To illustrate how spaced repetition works, imagine on Monday Teacher A and Teacher B introduce 3 digit addition with trading using the column method for the first time. Teacher A and Teacher B both have their students practice the new method for 60 minutes, but Teacher A masses practice and Teacher B distributes it over time. Considering the research on spaced repetition, we can reasonably assume, given all other variables stay the same, that Teacher B’s students will outperform Teacher A’s students on an assessment in the future.

Screen Shot 2020-05-08 at 2.00.56 pm.png

This works because spaced repetition combats the forgetting curve. The forgetting curve shows how memory is lost over time when there is no attempt at retaining it. The important lesson that it gives us is that memory is lost at an incredible rate. However, every time we interrupt the forgetting curve, it takes a longer time to forget. So whenever our students are reviewing something as part of a spaced repitition schedule, they are strengthening the encoding of that memory. The more times the information is reviewed, the slower the rate of forgetting.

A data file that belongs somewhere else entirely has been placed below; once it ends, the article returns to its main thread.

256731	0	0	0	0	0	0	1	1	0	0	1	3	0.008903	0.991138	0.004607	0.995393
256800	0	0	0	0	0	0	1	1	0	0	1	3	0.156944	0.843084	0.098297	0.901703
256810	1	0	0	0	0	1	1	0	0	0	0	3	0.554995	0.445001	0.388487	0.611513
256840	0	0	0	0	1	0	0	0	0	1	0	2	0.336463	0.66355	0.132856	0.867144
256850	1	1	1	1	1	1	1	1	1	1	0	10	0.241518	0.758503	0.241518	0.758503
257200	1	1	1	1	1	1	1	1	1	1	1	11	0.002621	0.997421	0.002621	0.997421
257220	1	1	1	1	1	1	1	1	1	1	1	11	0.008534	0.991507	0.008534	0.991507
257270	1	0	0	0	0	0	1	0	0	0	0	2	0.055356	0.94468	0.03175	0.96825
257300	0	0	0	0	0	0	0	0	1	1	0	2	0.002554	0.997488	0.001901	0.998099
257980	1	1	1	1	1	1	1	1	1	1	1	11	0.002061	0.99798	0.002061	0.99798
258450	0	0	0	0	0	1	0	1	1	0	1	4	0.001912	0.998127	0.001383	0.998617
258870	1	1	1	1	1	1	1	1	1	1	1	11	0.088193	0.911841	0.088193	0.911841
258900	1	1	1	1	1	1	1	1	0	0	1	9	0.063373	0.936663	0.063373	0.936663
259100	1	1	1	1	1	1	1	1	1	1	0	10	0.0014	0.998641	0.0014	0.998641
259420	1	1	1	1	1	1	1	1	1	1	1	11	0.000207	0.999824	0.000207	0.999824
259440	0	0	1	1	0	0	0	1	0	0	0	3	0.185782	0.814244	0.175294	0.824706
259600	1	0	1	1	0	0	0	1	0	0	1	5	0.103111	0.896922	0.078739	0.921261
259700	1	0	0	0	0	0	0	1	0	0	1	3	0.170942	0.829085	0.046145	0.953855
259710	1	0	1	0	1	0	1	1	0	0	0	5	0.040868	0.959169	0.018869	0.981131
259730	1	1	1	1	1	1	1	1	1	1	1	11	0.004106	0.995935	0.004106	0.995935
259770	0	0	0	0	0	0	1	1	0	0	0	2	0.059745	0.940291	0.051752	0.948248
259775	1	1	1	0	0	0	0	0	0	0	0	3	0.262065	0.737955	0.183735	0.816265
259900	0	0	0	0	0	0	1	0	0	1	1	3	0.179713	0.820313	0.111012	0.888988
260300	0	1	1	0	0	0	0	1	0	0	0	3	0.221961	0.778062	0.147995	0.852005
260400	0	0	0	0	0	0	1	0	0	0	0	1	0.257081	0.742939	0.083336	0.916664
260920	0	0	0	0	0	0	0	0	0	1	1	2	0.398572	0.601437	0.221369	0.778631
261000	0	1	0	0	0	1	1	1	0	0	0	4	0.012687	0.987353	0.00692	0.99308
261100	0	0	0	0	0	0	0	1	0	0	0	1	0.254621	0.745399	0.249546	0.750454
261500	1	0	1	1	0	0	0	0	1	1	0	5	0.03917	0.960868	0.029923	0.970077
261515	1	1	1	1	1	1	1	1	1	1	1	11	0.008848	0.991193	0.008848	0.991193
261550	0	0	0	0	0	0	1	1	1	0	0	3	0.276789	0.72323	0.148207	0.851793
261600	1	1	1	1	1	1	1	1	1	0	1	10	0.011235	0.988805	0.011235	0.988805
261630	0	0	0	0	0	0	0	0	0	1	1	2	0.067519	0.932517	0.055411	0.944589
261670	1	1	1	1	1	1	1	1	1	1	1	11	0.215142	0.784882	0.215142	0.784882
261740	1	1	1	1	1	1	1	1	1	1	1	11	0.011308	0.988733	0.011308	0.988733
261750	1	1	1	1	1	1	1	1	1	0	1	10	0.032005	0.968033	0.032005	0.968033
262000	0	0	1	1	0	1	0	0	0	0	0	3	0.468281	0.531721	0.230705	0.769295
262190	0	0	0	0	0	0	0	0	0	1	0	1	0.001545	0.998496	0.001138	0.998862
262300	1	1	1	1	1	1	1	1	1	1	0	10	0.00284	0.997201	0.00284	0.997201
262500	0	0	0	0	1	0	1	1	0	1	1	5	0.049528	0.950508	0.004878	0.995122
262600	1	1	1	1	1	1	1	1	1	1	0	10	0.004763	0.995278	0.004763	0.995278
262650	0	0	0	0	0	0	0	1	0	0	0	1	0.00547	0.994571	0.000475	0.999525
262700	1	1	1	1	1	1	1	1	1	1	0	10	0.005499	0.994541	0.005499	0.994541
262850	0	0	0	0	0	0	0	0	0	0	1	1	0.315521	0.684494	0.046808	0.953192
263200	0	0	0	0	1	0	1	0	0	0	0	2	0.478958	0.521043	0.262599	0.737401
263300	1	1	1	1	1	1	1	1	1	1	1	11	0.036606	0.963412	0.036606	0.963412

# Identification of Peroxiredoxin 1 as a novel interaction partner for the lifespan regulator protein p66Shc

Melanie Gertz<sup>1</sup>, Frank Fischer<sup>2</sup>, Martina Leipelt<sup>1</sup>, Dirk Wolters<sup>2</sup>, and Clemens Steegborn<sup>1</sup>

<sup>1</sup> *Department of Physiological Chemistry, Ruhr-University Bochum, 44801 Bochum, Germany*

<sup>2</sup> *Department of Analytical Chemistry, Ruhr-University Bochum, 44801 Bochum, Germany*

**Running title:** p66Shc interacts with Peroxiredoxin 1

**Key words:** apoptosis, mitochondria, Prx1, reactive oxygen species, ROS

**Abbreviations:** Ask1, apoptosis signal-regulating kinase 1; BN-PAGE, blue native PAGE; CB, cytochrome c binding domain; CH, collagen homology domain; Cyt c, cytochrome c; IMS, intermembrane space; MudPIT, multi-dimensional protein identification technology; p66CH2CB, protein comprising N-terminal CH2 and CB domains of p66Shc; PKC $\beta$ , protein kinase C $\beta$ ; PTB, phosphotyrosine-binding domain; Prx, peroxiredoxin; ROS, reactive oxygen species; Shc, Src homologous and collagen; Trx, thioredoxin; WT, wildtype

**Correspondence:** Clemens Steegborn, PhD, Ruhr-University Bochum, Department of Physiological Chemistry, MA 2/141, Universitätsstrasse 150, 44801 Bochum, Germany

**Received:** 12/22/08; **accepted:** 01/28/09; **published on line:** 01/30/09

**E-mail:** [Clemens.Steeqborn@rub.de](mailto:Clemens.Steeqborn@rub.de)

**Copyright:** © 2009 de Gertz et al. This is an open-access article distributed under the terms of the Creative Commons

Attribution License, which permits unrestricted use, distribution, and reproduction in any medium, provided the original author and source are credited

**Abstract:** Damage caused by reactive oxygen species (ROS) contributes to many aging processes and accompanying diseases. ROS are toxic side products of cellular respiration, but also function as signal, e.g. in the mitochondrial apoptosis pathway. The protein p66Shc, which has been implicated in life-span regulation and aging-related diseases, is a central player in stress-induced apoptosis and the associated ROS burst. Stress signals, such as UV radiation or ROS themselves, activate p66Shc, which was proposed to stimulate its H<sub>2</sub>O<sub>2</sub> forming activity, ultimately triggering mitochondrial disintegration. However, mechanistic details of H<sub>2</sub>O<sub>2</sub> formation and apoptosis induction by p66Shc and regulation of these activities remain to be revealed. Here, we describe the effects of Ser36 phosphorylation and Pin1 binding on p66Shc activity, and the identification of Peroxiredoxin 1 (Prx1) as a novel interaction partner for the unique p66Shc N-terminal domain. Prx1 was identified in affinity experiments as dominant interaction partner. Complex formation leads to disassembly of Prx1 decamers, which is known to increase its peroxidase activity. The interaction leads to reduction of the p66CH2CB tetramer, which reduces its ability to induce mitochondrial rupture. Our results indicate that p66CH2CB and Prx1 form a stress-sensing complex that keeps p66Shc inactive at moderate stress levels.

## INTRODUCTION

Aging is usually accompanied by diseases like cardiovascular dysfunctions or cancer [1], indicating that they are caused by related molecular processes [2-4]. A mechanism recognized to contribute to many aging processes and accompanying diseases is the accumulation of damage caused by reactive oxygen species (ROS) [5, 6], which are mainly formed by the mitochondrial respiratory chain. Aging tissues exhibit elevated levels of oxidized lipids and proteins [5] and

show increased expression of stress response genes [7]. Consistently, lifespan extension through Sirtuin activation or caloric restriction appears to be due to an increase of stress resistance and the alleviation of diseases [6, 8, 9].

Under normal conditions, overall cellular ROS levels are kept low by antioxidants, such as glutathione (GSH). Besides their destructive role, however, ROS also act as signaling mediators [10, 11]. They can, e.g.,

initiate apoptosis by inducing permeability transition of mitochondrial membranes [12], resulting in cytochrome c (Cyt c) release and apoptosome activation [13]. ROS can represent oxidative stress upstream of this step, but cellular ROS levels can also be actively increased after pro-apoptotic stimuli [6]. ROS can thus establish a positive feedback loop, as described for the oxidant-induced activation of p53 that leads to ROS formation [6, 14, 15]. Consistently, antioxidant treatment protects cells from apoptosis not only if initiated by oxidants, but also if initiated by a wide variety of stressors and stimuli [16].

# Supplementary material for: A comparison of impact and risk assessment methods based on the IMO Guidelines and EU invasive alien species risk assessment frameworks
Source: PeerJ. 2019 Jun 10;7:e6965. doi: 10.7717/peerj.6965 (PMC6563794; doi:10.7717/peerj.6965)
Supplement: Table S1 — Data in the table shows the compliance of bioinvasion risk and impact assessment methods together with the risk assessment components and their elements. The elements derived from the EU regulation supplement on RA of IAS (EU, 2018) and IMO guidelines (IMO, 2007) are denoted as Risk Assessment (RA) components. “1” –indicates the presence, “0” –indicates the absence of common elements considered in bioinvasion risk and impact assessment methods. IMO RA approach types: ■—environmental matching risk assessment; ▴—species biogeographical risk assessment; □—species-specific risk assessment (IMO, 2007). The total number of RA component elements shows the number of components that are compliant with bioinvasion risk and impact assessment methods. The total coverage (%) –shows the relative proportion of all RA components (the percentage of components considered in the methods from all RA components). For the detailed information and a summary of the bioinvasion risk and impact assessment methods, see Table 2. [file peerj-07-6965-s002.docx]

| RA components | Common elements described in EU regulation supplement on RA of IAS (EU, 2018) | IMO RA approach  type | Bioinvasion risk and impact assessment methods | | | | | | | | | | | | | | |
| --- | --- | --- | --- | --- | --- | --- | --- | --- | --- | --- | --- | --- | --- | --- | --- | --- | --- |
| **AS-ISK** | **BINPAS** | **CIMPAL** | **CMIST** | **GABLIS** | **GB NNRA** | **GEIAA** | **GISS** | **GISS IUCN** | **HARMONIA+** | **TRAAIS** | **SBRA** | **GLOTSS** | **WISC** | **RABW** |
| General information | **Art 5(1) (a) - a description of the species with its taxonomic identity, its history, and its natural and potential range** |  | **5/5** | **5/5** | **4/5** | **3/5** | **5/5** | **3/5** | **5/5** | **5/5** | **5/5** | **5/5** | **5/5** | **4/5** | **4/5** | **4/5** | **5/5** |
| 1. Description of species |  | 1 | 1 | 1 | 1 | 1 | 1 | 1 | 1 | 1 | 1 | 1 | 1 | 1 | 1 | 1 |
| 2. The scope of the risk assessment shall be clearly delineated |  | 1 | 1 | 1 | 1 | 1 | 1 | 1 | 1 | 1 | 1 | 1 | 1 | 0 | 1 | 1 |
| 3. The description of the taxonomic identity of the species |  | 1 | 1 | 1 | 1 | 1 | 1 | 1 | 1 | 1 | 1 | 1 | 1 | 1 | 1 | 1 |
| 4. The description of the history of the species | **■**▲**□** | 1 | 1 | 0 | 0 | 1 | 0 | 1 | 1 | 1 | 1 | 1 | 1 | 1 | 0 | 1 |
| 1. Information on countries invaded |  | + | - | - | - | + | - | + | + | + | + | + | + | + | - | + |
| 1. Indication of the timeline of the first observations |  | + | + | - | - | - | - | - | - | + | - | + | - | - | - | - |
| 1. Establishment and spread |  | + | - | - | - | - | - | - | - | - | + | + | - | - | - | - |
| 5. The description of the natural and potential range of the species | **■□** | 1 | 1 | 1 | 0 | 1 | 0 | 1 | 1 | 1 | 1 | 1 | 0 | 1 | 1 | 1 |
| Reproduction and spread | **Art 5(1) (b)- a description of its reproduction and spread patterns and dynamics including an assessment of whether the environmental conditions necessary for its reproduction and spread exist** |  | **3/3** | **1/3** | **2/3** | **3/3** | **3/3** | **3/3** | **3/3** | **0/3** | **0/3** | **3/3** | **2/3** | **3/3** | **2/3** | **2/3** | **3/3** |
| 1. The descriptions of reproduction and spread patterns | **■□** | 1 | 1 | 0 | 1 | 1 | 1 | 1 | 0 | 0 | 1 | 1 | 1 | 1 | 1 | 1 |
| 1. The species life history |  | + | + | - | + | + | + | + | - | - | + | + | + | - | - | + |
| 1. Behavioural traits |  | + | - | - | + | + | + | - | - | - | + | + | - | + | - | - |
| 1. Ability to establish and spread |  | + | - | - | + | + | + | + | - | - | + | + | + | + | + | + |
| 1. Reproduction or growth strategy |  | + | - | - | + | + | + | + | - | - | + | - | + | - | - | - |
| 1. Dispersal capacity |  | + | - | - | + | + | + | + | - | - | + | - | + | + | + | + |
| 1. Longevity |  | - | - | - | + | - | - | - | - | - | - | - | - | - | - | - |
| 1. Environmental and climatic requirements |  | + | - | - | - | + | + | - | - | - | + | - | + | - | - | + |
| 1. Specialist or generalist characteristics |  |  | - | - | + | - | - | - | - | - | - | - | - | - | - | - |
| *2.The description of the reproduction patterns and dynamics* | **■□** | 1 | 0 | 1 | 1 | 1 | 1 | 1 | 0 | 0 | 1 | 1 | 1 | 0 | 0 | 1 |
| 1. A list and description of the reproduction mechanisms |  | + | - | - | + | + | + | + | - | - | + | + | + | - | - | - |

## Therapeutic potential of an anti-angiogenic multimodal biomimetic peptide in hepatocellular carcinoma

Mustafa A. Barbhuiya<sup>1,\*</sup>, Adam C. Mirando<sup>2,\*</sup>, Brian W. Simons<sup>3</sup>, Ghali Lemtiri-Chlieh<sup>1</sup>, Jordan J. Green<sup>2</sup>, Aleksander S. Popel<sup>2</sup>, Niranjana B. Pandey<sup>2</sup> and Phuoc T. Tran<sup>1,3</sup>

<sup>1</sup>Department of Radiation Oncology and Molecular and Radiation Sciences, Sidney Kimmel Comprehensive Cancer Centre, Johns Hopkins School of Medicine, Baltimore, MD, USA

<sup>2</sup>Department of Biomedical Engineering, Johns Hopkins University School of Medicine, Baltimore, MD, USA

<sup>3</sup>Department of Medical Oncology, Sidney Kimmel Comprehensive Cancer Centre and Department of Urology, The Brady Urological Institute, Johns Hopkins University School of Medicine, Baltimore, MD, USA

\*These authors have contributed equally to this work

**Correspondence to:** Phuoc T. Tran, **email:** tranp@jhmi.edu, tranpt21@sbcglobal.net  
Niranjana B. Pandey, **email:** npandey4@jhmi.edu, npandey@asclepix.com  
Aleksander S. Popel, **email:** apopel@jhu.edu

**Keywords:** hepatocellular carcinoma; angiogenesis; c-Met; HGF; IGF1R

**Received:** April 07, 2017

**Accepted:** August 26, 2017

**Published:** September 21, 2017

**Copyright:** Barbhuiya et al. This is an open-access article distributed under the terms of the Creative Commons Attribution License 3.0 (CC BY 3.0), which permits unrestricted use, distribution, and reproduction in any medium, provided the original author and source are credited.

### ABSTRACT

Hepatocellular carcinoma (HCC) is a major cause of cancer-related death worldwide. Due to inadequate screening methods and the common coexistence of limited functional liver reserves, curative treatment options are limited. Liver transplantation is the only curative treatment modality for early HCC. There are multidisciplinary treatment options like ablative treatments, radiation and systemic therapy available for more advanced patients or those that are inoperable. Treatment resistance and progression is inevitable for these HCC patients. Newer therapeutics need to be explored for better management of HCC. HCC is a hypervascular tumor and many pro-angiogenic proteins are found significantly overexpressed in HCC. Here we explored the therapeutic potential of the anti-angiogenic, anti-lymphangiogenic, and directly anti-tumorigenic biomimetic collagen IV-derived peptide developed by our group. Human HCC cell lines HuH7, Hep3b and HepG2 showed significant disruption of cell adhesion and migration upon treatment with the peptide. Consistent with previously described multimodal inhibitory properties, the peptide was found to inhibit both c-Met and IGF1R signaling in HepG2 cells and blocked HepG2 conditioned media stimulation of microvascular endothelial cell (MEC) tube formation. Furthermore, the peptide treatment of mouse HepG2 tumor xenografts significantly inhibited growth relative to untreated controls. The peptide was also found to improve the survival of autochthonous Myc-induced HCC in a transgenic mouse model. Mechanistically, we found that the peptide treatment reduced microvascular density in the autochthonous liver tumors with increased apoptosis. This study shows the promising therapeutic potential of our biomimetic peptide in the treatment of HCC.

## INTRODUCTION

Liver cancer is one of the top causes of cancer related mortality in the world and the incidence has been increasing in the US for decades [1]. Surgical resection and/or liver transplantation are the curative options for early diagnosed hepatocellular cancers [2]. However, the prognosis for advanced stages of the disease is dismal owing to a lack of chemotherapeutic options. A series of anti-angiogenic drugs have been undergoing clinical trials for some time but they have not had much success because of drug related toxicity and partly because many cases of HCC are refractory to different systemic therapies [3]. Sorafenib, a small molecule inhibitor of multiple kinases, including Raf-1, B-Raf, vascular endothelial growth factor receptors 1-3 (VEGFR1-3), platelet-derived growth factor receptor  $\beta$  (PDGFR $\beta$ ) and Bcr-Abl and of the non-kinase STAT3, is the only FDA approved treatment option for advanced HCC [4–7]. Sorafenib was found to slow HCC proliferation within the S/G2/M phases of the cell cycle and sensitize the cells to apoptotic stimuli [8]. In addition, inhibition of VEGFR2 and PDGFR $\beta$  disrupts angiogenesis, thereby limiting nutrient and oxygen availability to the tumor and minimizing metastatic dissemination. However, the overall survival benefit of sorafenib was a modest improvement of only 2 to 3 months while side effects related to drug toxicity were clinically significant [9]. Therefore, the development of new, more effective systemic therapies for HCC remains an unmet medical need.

Screen Shot 2020-05-08 at 2.03.19 pm.png

When exactly you should have students review content in a spaced repetition schedule is important and tricky. We know that the best point at which students should review material is just as they are about to forget. If students review content just as they are about to forget it, then the longterm impact on remembering that content in the future is optimised. Researchers believe this is the case because the effort required to actively recall information from longterm memory is higher if we are just about to forget. Counterintuitively, the more difficulty students have when successfully recalling information, the higher the impact on learning.

In a classroom context, reviewing content as students are about to forget is difficult. The teacher’s pedagogical content knowledge and ongoing assessment are crucial for choosing which content needs to be reviewed on a frequent schedule, and which can be reviewed on a less frequent schedule. Generally speaking, new content should be reviewed frequently after the point of initial instruction with spacing increasing between reviews over time.

“to remember something for 1 week, learning episodes should be spaced 12 to 24 hours apart; to remember something for 5 years, the learning episodes should be spaced 6 to 12 months apart. Of course, when students are preparing for examinations, the degree to which they can space their study sessions may be limited, but the longest intervals (e.g., intervals of 1 month or more) may be ideal for studying core content that needs to be retained for cumulative examinations or achievement tests that assess the knowledge students have gained across several years of education.” (Dunlosky, et al, 2013)